Through a detailed historical analysis and retrieval of pro-Nicene trinitarian theology, Anatolios paints a portrait of how fourth century trinitarianism was deeply engaged with the biblical narrative and much more sophisticated than many of our contemporary categories for describing this history have recognized.
Here’s a secret: budgeting doesn’t have to be anxiety-inducing. In fact, it shouldn’t be, at least not according to Jesse Mecham in his new book "You Need A Budget."
Eschatological fascination is not limited to believers wrestling with biblical texts. This, at least, is the argument made by Robert Joustra and Alissa Wilkinson in their remarkable book How to Survive the Apocalypse.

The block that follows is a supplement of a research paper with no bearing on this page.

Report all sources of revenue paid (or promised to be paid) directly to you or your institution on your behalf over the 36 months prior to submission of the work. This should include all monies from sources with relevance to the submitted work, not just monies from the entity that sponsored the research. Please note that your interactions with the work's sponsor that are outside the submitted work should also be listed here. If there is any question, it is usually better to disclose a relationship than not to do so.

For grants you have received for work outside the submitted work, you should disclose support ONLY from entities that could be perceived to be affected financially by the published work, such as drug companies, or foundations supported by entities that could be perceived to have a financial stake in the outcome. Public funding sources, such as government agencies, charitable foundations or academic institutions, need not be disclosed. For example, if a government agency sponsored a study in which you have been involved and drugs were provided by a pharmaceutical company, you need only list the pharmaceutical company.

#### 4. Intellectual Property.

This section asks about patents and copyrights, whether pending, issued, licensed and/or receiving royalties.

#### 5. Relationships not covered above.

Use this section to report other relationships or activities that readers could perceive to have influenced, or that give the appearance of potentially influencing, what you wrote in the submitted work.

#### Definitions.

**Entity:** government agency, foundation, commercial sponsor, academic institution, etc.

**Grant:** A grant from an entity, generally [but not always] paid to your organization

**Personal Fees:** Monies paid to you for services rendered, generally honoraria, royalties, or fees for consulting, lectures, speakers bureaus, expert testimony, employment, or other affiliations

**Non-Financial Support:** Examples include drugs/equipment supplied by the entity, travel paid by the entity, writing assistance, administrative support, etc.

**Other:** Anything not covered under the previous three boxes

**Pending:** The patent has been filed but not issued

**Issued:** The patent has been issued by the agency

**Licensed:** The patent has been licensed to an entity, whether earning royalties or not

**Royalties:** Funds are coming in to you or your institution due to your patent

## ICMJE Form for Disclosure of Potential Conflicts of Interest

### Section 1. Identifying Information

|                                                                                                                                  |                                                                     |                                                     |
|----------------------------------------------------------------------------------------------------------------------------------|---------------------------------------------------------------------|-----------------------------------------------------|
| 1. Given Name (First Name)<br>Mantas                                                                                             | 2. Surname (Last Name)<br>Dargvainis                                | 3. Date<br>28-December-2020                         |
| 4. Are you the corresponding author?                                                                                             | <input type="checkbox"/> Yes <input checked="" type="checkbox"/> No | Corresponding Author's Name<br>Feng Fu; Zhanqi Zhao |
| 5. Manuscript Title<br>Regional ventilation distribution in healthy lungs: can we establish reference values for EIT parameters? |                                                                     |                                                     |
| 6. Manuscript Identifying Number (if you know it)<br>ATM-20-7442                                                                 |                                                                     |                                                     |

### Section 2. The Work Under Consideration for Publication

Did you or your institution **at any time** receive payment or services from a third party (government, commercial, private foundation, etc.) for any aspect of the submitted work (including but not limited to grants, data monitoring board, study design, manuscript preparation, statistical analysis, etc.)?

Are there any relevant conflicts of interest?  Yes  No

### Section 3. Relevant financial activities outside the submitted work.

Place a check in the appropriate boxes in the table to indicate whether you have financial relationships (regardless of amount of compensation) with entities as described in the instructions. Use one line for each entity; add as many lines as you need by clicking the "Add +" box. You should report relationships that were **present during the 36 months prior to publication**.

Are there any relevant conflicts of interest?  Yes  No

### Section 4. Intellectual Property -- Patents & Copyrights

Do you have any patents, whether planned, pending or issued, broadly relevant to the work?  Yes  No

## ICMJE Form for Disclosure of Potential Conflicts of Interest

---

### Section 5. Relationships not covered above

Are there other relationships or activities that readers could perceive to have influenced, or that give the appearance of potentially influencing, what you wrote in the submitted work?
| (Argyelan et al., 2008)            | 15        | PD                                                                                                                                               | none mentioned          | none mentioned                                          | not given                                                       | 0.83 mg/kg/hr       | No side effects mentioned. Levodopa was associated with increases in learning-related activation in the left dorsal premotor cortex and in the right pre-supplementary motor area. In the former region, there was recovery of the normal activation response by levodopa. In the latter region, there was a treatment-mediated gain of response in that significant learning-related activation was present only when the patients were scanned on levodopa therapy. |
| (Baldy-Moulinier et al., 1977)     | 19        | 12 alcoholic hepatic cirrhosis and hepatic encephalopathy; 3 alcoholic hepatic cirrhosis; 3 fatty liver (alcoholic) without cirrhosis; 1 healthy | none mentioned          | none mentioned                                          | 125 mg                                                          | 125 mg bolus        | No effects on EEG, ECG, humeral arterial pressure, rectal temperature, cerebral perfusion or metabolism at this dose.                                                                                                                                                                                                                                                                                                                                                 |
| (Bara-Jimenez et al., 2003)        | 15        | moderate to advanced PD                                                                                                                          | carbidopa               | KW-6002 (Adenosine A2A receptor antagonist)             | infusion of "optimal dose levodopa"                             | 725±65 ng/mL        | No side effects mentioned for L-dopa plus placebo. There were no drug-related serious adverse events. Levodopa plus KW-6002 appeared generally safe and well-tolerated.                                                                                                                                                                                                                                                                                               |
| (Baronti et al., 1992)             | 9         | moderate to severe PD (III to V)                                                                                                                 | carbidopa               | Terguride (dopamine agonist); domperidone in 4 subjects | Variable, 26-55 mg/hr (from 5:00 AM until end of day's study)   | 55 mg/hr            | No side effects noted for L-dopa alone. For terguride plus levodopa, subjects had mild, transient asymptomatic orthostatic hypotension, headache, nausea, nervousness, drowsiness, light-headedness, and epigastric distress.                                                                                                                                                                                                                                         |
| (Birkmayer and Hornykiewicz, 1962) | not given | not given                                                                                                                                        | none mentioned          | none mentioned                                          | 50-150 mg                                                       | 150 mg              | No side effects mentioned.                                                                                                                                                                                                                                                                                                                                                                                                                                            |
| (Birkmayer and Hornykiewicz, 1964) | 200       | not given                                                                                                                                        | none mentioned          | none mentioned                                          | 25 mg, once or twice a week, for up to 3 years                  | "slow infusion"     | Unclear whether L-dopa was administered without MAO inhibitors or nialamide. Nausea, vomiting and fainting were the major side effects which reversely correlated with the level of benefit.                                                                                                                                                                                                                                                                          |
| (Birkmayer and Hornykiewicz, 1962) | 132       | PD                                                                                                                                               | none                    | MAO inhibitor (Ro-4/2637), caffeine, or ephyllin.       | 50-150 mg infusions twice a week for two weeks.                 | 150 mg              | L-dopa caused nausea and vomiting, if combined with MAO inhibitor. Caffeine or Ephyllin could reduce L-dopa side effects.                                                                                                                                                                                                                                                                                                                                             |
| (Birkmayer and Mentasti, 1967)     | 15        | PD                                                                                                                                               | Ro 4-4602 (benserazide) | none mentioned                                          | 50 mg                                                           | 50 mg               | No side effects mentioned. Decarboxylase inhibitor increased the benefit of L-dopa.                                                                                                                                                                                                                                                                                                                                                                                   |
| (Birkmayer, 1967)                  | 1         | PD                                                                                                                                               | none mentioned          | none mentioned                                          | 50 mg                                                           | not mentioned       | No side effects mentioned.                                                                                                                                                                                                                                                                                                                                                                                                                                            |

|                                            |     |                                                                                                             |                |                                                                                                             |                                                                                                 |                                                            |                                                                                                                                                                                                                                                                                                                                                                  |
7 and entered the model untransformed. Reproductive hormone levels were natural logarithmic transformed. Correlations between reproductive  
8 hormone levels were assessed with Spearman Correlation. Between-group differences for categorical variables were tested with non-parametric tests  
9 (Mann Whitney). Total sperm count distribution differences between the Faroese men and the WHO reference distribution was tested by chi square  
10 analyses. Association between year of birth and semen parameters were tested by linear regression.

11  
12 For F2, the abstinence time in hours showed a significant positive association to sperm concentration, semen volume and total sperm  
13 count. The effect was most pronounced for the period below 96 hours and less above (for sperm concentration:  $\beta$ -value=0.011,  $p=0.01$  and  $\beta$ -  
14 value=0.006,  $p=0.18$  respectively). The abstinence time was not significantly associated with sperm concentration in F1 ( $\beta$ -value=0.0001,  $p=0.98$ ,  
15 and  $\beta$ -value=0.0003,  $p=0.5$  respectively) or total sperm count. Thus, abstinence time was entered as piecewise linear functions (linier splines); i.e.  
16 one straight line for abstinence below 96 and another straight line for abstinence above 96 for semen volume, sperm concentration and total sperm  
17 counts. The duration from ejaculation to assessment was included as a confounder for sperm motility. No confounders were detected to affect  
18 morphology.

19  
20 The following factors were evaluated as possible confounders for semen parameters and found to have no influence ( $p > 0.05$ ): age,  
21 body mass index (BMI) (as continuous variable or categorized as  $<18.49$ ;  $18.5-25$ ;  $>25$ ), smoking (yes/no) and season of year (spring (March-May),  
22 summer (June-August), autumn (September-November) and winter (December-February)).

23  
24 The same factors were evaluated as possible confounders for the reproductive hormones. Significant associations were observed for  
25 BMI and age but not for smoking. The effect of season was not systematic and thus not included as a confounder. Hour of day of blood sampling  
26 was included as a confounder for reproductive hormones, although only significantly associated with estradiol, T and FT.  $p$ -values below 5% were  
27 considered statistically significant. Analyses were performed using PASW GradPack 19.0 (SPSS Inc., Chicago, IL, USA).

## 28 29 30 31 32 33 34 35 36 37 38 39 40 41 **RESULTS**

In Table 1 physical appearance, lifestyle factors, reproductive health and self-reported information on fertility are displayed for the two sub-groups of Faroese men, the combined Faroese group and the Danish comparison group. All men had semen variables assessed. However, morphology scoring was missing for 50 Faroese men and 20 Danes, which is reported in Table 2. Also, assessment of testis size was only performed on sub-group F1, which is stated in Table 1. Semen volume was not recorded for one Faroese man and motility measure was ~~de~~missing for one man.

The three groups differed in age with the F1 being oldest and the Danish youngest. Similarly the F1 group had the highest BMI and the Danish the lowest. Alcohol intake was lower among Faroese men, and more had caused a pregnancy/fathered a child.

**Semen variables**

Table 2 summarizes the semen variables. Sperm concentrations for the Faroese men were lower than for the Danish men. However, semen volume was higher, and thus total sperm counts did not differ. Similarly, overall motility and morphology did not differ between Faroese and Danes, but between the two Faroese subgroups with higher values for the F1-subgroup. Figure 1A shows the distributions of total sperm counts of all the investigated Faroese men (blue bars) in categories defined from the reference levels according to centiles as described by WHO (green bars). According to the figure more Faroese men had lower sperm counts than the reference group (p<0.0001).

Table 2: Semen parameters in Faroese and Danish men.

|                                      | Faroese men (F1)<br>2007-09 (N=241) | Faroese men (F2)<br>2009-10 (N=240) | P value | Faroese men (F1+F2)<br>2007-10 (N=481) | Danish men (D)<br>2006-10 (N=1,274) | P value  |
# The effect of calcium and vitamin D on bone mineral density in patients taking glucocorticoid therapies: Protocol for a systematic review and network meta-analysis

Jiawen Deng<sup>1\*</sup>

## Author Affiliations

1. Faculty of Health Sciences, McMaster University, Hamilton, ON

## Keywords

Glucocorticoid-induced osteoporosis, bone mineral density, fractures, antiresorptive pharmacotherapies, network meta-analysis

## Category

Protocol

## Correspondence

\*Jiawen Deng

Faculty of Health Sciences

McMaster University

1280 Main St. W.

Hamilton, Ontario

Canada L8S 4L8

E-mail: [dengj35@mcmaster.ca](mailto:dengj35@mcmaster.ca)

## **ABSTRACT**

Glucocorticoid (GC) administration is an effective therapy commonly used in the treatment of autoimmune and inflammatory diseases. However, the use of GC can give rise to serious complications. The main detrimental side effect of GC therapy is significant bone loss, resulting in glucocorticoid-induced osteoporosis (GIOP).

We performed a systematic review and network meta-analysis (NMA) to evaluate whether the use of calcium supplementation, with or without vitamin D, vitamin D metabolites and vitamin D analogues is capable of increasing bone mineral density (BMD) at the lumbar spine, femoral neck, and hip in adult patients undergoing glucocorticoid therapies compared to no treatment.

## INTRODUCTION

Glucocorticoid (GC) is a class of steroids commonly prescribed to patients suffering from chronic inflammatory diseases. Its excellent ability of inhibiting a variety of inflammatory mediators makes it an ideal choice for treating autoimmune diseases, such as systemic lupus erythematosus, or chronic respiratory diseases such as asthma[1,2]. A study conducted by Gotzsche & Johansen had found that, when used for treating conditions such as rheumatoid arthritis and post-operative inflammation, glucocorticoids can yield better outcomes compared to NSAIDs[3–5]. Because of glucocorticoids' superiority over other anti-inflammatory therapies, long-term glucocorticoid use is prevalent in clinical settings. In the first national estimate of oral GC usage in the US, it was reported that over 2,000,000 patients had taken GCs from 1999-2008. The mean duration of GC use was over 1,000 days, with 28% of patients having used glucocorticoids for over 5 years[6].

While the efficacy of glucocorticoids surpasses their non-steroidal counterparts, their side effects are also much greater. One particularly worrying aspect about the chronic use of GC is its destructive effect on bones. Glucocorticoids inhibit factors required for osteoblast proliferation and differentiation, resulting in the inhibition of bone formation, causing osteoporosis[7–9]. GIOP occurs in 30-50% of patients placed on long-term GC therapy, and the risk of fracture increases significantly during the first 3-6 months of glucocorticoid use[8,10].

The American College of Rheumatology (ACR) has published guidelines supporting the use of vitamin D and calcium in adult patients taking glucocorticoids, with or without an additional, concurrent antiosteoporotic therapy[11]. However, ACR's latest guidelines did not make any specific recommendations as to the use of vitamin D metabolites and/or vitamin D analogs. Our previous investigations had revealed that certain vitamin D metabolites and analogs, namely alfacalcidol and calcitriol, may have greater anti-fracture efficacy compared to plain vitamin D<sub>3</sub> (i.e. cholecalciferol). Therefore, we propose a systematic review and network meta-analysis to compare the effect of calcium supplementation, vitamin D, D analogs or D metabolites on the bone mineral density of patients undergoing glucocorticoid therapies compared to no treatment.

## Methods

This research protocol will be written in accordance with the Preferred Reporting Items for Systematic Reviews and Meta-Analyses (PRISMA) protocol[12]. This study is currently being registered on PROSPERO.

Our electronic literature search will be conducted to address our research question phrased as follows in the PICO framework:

In his book, "Losing Susan: Brain Disease, the Priest's Wife, and the God Who Gives and Takes Away," Victor Lee Austin recalls how in the midst of all his suffering, he was able to find joy, in the everyday rituals of caring for his dying wife.
In his book, "Practices of Love: Spiritual Disciplines for the Life of the World," Kyle David Bennett calls out our daily activities and imagines what it would look like to perform them Biblically with our neighbor in view.
Ultimately, it wasn’t the collision of the plane that kept me turning pages, but the collision of characters—both with each other and with the wildness of the world.